NHL Commissioner Gary Bettman claims the league is paying its players too much and seeks to change the rules regarding contracts and salaries, while at the same time, teams are rushing to sign talent before the current CBA expires.
NHL Commissioner Gary Bettman recently claimed, “We believe we’re paying the players more than we should”.
The ‘we’ in that sentence, of course, refers to the NHL team owners, who are apparently unhappy their current CBA – the most restrictive among the four major North American pro sports, which they forced upon the NHLPA seven years ago – still pays the players too much.
In its initial proposal, the league not only sought to reduce the players share of revenue from 57 percent down to 43 percent, but also five year term limits on contracts.
It’s difficult, however, to accept the league’s position at face value when the owners continue to sign players to expensive, long-term contracts in the midst of CBA negotiations.
The most notable example, of course, was the Minnesota Wild signing free agents Zach Parise and Ryan Suter to identical 13-year, $98 million contracts.
Ordinarily, this would be considered quite the coup by the Wild, a club not known for making such expensive forays into the UFA market, successfully wooing this summer’s two best free agents.
No one should begrudge the Wild signing Parise and Suter to those contracts. Their front office deemed it was worth the price to improve their club, and they were operating under the rules of the current collective bargaining agreement. They saw an opportunity to land a couple of “hometown stars”, were willing to pay the big bucks to get them, and will now live with the consequences of those signings, good or bad.
What makes those moves galling, however, was Wild owner Craig Leipold, only three months earlier, decrying his club’s biggest expense was players salaries and calling for the system to be fixed.
Leipold subsequently attempted to justify these signings in the wake of his earlier remarks, but few bought into his explanation.
The Wild weren’t the only team to willingly sign free agents to expensive deals in excess of five years this summer.
On July 19th, the Philadelphia Flyers shocked the hockey world by signing Nashville Predators defenseman Shea Weber to a 14-year, $110 million offer sheet.
What’s notable about that offer sheet – apart from the term and dollars – is it came only five days after the NHL made its initial CBA proposal. Guess the Flyers management didn’t get the memo about the league paying its players too much for too long.
Under the rules of the current CBA, the Flyers were well within their rights to make that offer to Weber. The problem arises from the hypocrisy of making that pitch less than a week following the league’s initial CBA proposal, which sought to impose term limits on contracts.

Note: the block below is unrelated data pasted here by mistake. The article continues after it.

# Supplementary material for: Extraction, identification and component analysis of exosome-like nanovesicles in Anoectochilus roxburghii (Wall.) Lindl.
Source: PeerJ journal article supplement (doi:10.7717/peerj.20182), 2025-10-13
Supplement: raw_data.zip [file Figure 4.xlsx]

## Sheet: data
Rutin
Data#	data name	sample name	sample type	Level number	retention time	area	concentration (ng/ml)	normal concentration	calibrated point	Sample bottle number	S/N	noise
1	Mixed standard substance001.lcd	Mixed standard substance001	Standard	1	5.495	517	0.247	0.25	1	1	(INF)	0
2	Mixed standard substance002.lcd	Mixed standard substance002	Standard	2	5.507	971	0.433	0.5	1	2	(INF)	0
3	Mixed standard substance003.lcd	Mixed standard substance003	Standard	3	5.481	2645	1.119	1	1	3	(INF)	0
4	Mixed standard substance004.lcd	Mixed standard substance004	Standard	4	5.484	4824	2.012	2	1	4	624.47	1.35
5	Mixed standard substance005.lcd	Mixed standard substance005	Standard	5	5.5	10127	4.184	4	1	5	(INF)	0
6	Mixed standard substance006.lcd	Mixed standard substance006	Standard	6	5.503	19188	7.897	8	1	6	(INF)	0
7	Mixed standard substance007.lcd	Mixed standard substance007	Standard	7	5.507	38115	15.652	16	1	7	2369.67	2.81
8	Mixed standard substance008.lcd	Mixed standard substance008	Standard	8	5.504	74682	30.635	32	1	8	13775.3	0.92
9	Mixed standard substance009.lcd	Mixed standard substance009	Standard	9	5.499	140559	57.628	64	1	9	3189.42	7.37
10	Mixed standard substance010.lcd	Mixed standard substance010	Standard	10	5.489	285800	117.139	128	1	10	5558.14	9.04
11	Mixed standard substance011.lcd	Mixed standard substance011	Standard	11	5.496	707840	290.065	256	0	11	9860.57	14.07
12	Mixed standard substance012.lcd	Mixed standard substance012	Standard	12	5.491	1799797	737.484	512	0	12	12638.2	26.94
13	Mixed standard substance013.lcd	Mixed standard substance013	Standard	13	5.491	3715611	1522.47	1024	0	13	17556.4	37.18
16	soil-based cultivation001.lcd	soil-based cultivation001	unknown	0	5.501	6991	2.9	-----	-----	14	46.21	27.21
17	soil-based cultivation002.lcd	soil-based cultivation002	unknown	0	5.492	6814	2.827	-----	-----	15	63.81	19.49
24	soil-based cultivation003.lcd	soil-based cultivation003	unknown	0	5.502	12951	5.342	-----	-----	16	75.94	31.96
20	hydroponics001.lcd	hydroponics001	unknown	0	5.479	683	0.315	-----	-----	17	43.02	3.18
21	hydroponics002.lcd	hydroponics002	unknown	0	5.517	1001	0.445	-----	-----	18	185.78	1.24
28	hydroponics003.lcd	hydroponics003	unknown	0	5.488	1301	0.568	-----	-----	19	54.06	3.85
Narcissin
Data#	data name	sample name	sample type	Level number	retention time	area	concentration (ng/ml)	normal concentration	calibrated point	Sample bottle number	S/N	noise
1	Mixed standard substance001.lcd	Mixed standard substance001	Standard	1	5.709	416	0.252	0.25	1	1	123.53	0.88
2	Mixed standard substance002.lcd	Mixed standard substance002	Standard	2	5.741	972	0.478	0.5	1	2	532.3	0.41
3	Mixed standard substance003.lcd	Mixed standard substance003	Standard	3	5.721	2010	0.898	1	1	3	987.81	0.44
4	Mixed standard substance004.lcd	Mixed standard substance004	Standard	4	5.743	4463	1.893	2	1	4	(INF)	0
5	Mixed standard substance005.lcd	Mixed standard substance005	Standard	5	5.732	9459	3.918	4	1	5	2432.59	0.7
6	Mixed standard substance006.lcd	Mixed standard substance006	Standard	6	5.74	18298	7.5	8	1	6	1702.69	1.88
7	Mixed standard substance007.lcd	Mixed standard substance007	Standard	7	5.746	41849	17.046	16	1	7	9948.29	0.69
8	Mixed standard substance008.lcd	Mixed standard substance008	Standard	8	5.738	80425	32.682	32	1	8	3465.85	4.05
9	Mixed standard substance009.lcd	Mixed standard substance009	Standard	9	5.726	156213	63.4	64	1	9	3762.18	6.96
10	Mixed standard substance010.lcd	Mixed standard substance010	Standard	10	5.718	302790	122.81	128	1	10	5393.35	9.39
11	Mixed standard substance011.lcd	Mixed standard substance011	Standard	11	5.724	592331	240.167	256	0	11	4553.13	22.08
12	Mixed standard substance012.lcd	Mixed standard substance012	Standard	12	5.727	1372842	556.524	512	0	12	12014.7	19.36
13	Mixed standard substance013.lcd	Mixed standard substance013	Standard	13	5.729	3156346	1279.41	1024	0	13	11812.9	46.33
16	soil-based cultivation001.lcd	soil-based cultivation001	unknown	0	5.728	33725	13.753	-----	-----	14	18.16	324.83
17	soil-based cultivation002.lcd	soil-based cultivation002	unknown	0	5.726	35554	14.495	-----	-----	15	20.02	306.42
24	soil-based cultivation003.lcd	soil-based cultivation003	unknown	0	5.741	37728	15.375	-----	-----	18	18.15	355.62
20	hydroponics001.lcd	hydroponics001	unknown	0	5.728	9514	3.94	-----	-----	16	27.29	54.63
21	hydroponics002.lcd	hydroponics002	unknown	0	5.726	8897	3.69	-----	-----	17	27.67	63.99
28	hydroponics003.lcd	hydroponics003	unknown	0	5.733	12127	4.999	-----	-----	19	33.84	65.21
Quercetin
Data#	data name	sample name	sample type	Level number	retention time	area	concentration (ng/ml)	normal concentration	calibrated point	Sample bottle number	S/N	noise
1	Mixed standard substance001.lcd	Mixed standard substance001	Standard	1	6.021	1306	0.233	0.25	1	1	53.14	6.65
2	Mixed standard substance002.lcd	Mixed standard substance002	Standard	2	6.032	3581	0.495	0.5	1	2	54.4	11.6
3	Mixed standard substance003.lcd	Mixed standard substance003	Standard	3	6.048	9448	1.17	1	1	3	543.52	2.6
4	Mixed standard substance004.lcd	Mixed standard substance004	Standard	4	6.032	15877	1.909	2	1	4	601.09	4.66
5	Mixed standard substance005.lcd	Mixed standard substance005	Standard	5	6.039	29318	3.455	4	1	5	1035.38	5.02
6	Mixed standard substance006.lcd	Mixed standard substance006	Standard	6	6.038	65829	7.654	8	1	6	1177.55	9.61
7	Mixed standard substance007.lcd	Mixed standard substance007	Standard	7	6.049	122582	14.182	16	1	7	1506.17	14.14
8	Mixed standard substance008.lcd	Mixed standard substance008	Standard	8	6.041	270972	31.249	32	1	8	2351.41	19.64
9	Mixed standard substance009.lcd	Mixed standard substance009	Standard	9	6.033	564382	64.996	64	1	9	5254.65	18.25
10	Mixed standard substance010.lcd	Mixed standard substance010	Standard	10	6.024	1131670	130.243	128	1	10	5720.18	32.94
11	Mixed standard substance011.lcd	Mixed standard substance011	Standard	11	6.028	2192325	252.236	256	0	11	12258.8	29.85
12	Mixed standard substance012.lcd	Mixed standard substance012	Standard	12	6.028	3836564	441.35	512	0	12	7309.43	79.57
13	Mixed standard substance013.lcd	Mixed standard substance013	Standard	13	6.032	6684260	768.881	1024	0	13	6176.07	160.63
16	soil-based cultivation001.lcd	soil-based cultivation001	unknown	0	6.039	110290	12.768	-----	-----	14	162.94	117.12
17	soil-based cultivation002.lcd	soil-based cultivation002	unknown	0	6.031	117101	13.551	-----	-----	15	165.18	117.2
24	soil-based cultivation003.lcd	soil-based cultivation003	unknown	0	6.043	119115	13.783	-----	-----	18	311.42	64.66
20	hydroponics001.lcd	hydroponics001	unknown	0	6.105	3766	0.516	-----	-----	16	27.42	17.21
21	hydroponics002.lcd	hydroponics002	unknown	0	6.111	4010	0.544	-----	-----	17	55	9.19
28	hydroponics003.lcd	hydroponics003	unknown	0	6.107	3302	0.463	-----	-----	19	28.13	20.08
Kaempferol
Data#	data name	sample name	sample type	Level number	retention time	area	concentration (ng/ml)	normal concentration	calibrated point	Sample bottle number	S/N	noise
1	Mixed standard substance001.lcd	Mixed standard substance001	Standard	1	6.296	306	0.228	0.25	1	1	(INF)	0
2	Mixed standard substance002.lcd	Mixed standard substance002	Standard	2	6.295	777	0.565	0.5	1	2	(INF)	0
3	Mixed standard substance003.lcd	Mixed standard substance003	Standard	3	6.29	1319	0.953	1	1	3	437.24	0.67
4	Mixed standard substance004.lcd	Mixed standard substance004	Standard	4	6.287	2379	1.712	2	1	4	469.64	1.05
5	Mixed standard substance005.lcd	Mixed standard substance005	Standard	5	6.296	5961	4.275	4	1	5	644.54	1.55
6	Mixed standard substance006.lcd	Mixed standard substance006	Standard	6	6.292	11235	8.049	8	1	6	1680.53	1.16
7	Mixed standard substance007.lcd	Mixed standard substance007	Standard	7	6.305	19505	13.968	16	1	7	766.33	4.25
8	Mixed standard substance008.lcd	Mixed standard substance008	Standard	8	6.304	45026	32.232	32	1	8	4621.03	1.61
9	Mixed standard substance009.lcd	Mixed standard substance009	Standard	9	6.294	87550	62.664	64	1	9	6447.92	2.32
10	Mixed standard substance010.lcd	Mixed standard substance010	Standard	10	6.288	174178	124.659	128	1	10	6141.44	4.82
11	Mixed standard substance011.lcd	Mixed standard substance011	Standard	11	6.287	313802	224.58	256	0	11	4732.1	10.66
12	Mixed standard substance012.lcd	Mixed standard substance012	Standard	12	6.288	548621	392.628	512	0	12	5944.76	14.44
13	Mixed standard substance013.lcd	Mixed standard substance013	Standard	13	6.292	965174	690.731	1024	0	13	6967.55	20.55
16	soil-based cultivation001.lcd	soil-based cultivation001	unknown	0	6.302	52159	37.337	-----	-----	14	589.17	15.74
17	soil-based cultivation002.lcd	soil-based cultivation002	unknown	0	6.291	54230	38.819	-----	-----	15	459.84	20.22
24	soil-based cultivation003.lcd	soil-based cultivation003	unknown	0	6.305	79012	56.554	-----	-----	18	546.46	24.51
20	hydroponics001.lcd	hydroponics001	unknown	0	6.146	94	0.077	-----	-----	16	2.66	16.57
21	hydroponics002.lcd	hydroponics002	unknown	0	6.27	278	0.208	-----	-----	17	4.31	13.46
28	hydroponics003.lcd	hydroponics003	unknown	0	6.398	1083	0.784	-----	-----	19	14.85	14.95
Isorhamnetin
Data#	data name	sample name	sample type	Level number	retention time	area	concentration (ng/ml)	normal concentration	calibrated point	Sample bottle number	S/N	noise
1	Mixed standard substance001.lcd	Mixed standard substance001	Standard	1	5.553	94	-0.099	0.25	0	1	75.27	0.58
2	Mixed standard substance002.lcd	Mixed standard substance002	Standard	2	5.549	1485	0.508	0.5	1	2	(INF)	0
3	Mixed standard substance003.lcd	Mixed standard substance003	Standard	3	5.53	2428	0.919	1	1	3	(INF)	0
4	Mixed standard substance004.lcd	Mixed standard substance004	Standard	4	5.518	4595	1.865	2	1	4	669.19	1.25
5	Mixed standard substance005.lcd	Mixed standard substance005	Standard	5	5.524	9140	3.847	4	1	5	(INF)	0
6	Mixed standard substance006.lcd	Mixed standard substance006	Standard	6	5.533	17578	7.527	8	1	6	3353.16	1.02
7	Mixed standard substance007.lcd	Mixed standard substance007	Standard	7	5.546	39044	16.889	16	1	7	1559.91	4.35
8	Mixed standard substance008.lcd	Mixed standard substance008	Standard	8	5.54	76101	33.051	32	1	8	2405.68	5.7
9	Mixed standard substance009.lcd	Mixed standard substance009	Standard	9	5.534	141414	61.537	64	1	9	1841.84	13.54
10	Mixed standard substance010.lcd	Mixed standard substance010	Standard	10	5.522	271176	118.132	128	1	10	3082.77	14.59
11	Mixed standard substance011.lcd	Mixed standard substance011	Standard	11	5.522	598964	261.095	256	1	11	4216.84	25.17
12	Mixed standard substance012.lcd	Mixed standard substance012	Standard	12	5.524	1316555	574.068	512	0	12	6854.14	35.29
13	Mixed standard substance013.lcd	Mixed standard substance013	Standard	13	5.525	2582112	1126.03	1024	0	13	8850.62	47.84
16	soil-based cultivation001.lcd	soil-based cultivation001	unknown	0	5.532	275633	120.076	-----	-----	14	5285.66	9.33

How about the Tampa Bay Lightning signing Matt Carle to a six-year, $33 million contract, or the Vancouver Canucks inking Jason Garrison – he of the 2 1/2 NHL seasons – to a six-year deal, which saw his salary climb from $880K last season to a front-loaded contract with an average cap hit of $4.6 million?
Again, those teams can spend whatever they like on whoever they like under this CBA, but doesn’t it seem a tad hypocritical of them to make those signings whilst part of a group claiming to be paying too much for salaries and demanding term limits?
The hypocrisy wasn’t limited to unrestricted free agent signings or offer sheets. Check out some of this summer’s notable restricted free agent signings:
Edmonton Oilers forward Taylor Hall – seven years, $42 million.
Montreal Canadiens forward Max Pacioretty – six years, $27 million. Canadiens goaltender Carey Price – six years, $39 million.
Carolina Hurricanes forward Jeff Skinner – six years, $34.350 million.
Philadelphia Flyers forward Scott Hartnell (six years, $28.5 million) and forward Wayne Simmonds (six years, $23.850 million).
The issue here isn’t if they’re worth those dollars and terms, but rather, how the owners of those teams can justify those contracts when they’re pushing for term limits and claiming they’re paying too much in salaries.
The owners of the aforementioned clubs won’t be called into account or asked to explain their clubs respective actions. Most will either ignore the criticims, or blithely explain it away as the cost of doing business under a “broken system”.
It’s the same bullshit that was espoused leading up to the last lockout. And rest assured, we’ll hear it again when the next CBA is due to expire.